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Latin Vocab

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6709.  Mon Apr 05, 2004 4:16 am Reply with quote

"Marmozet"? Who are you calling "marmozet"?

But I've been reflecting on this overnight, and I think it might not work as Gen Ig because, come to think of it, anyone who uses this expression at all does in fact say "bend sinister", and I'm not sure I'd ever heard the term "bar sinister" before last night (although it felt as though I had).

Who else still thinks of Roger Moore as Ivanhoe?

6713.  Mon Apr 05, 2004 9:11 am Reply with quote

I do. And as The Saint.

Frederick The Monk
6716.  Mon Apr 05, 2004 10:49 am Reply with quote

For me Ivanhoe will always be the marvelous King Baggot in the 1913 film version.

Frederick The Monk
6717.  Mon Apr 05, 2004 10:50 am Reply with quote

That's the first version of Ivanhoe from 1913, not the one starring Lauderdale Maitland as Ivanhoe.

6718.  Mon Apr 05, 2004 12:56 pm Reply with quote

It's quite interesting, to coin a phrase, how quickly the film business got into the remake game. I read somewhere that the second-ever publicly-exhibited film was a remake of the first-ever.

Here's a film which is ripe for a remake, IMHO. I found this while looking for Bridget Jones's Diary on IMDb:

How Bridget Served the Salad Undressed (1898)

Plot Outline: The serving girl is asked to serve the salad 'undressed' so she takes her clothes off before entering the dining room.

Also Known As:
No Salad Dressing Wanted (1898) (USA) (short title)

Great that it was felt necessary to sanitise the title for the US market in such a way that the joke completely evaporated. Not a mistake we'll be making with the QI remake, I'm sure.

Frederick The Monk
6721.  Tue Apr 06, 2004 2:17 am Reply with quote

I wonder if the 1902 comedy short 'Serving Potatoes, Undressed' was a remake?

6722.  Tue Apr 06, 2004 4:42 am Reply with quote

Who starred in that interminable BBC series of the early 70s? Gloomy Sunday afternoons were never the same once it stopped.

Agree with Flash about 'Bend Sinister' and Gen Ig. Although the idea of 'Bar Sinister' has definite potential. (You don't have to be a bastard to drink here but it helps.)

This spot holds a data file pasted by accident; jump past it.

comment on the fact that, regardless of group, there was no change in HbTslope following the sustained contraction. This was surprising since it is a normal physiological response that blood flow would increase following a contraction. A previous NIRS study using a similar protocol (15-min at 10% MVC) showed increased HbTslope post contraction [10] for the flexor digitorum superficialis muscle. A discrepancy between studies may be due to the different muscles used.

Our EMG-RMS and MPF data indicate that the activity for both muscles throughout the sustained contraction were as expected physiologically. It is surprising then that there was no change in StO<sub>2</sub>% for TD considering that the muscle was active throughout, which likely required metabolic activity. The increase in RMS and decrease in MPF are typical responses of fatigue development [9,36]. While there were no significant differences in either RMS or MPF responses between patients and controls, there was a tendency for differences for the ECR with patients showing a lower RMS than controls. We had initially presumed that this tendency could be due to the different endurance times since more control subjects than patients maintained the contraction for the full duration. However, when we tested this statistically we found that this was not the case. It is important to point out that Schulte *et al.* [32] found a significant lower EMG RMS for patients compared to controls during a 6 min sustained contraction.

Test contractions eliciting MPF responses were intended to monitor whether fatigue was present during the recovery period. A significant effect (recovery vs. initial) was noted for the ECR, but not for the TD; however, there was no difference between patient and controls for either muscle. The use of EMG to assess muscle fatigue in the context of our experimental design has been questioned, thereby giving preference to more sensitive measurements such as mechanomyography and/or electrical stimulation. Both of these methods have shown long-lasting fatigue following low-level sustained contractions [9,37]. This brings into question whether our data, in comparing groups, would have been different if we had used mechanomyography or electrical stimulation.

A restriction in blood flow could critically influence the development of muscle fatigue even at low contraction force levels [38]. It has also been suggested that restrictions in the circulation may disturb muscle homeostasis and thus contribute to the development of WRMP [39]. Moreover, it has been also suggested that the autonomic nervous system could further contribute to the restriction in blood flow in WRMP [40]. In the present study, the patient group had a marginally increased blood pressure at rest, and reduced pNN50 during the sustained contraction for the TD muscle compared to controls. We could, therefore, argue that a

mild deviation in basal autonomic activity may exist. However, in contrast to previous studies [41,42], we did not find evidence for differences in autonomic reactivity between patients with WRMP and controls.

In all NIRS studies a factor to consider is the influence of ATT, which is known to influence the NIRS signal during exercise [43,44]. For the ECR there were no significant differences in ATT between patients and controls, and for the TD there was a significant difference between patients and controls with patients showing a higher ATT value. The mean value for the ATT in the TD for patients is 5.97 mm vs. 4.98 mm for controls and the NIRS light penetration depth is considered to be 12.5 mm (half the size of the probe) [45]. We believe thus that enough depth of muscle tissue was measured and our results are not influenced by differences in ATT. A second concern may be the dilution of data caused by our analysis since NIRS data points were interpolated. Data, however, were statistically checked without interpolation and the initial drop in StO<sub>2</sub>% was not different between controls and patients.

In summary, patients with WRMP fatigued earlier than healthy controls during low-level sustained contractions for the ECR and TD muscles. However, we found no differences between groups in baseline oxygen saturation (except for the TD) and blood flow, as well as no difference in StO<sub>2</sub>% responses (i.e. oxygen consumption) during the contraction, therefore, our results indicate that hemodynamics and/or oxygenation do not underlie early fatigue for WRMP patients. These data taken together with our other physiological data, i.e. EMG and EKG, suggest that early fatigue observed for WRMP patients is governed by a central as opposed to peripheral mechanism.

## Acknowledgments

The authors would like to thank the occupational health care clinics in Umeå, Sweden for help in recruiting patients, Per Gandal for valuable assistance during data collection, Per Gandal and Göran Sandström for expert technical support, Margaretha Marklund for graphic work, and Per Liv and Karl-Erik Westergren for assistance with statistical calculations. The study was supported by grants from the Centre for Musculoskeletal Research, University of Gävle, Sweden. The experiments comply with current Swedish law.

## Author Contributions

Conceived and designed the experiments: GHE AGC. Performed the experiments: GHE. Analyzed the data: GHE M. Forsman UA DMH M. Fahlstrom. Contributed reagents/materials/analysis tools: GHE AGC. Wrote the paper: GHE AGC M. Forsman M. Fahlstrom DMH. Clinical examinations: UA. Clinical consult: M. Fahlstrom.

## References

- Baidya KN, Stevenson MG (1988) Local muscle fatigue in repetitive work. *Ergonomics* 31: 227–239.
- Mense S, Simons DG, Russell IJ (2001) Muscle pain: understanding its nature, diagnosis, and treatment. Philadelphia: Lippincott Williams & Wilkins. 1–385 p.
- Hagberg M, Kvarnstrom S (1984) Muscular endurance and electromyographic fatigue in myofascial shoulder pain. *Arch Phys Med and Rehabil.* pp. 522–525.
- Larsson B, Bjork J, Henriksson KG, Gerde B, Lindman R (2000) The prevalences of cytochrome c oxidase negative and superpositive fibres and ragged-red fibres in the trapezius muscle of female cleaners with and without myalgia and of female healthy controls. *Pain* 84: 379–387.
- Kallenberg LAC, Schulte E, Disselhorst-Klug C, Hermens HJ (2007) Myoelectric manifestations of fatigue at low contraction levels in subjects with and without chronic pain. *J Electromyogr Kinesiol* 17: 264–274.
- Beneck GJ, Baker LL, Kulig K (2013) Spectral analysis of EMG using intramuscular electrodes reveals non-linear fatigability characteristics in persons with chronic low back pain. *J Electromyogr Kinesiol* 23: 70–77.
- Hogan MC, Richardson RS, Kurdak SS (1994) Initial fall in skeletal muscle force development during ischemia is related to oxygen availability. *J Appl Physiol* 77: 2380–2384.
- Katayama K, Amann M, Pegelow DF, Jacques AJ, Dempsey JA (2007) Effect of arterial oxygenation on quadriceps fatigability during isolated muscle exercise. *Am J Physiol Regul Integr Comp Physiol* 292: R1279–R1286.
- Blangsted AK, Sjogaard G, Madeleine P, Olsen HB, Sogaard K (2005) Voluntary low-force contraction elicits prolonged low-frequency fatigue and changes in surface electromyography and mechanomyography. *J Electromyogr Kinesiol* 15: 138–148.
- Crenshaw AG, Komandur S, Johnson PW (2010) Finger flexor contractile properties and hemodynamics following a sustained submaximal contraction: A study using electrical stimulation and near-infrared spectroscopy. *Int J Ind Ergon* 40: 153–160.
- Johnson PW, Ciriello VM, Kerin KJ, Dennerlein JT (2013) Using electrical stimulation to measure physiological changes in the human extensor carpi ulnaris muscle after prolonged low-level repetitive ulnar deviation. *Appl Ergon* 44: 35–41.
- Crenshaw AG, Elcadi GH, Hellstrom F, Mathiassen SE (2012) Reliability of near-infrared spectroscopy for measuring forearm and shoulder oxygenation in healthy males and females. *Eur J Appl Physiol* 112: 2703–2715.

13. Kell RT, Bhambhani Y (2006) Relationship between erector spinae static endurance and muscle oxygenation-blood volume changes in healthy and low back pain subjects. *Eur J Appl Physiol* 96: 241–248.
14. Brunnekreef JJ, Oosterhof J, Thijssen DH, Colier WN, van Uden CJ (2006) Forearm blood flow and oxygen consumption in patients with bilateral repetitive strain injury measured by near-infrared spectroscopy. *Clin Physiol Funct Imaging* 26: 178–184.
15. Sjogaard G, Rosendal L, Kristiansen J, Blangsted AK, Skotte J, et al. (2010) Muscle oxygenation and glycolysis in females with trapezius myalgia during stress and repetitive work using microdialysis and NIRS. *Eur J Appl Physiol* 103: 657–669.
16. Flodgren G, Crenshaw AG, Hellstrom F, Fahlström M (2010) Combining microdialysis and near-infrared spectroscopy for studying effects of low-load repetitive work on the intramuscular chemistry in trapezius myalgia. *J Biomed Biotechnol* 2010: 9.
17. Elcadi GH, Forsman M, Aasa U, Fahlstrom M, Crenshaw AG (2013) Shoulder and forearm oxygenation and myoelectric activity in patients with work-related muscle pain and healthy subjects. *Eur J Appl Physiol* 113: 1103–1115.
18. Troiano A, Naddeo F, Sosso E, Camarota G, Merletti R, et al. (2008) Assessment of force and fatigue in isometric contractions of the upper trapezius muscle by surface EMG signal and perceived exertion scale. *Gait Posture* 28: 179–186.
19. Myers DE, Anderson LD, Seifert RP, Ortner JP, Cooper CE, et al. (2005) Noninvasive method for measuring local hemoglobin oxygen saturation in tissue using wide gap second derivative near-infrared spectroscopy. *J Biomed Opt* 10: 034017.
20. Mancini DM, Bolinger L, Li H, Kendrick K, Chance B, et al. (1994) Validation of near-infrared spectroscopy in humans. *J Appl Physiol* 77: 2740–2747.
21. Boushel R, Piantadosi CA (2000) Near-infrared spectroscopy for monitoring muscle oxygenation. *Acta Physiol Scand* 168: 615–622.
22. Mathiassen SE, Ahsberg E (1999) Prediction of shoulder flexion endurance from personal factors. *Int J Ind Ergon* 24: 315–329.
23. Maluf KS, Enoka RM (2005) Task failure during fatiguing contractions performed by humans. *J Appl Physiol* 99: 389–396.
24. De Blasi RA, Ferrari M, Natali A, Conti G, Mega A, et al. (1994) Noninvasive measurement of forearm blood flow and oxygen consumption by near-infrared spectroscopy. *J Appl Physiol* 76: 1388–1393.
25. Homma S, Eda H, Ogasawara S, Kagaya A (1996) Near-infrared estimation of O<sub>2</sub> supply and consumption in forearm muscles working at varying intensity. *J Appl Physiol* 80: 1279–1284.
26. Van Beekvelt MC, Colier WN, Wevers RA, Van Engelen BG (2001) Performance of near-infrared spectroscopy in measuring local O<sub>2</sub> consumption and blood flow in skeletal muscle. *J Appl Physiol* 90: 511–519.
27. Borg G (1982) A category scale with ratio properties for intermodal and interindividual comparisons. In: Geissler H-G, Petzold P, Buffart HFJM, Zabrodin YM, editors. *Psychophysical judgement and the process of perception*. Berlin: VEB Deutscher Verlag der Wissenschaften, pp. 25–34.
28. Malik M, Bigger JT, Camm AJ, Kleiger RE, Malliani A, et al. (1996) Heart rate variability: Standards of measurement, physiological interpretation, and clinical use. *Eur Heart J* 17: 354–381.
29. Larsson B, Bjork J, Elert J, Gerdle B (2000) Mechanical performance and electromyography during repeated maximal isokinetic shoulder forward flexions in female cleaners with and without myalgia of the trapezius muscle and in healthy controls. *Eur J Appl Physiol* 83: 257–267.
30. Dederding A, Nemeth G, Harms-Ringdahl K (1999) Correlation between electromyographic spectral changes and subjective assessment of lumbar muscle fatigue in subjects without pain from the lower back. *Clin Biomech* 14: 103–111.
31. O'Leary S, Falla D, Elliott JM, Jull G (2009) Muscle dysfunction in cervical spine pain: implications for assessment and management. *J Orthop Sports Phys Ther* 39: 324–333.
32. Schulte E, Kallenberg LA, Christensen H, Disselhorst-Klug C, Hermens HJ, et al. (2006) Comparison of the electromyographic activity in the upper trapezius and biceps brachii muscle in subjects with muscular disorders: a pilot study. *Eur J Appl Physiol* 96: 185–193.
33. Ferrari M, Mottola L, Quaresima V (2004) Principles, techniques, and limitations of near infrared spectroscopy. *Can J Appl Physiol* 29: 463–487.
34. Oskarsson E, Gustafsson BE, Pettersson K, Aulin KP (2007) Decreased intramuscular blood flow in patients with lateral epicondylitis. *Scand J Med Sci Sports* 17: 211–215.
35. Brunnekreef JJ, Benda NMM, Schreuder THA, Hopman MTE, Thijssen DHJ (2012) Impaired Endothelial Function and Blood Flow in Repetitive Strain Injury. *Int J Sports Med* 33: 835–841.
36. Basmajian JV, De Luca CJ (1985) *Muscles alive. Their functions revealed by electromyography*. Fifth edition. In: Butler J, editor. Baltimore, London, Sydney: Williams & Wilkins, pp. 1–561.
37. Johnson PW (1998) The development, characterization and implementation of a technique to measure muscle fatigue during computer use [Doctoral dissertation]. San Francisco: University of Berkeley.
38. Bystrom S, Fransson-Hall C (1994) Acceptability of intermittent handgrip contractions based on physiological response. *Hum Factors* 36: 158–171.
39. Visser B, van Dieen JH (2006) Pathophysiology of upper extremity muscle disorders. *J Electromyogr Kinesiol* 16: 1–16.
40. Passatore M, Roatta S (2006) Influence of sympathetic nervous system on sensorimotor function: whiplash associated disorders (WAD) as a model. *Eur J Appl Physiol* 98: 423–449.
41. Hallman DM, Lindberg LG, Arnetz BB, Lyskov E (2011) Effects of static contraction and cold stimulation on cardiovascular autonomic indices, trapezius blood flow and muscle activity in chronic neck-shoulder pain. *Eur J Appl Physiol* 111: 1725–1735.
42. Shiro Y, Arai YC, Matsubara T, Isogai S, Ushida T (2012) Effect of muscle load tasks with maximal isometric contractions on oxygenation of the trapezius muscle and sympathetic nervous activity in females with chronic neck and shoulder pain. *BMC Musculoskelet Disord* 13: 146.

Never read the Nabokov novel called Bend Sinister, but I'm sure I know someone who has...

6723.  Tue Apr 06, 2004 5:06 am Reply with quote

I wonder if the 1902 comedy short 'Serving Potatoes, Undressed' was a remake?

Bound to have been. They knew a really first-rate idea when they saw one in those days. They would have discovered a new cinematographic breakthrough (the close-up, probably) and thought "Very clever, but what on earth can we do with it? People will never stand for the camera jumping in and out from close-up to wide and back again - that's just not how people see. What would anybody want to see close up? Hmmm ... I know, by Jove - we'll remake Bridget, only with potatoes instead of salad! It'll be huge! We can use that new girl from the Gaieties, Sally Dressing! What an angle! Wide release (both the cinemas in America simultaneously ) - how crazy is that? Then into the ancillary markets a month later - we'll have it in "what the butler saw" machines all over the country before the pirates know what hit them!"

That's my guess as to how it would have gone, anyway.

Frederick The Monk
6724.  Tue Apr 06, 2004 10:55 am Reply with quote

Perhaps we should back-project it in a loop at Bar Sinister?

6725.  Tue Apr 06, 2004 11:24 am Reply with quote

Does it strike anybody that this is a good scenario for the 'club room' at the QI building?

6726.  Tue Apr 06, 2004 1:16 pm Reply with quote

I'm more interested in the clientele at this 'Bar Sinister'. Shady ladies, shadier spivs, spies, cut-throats, desperados of all sorts - you remember the list in 'Cat Ballou'? Does QI really want to get involved with such low-lives? [Don't all shout at once...]

6729.  Tue Apr 06, 2004 3:54 pm Reply with quote

<pulls shady veil over her face>

<points at Flash as obvious example of desperado>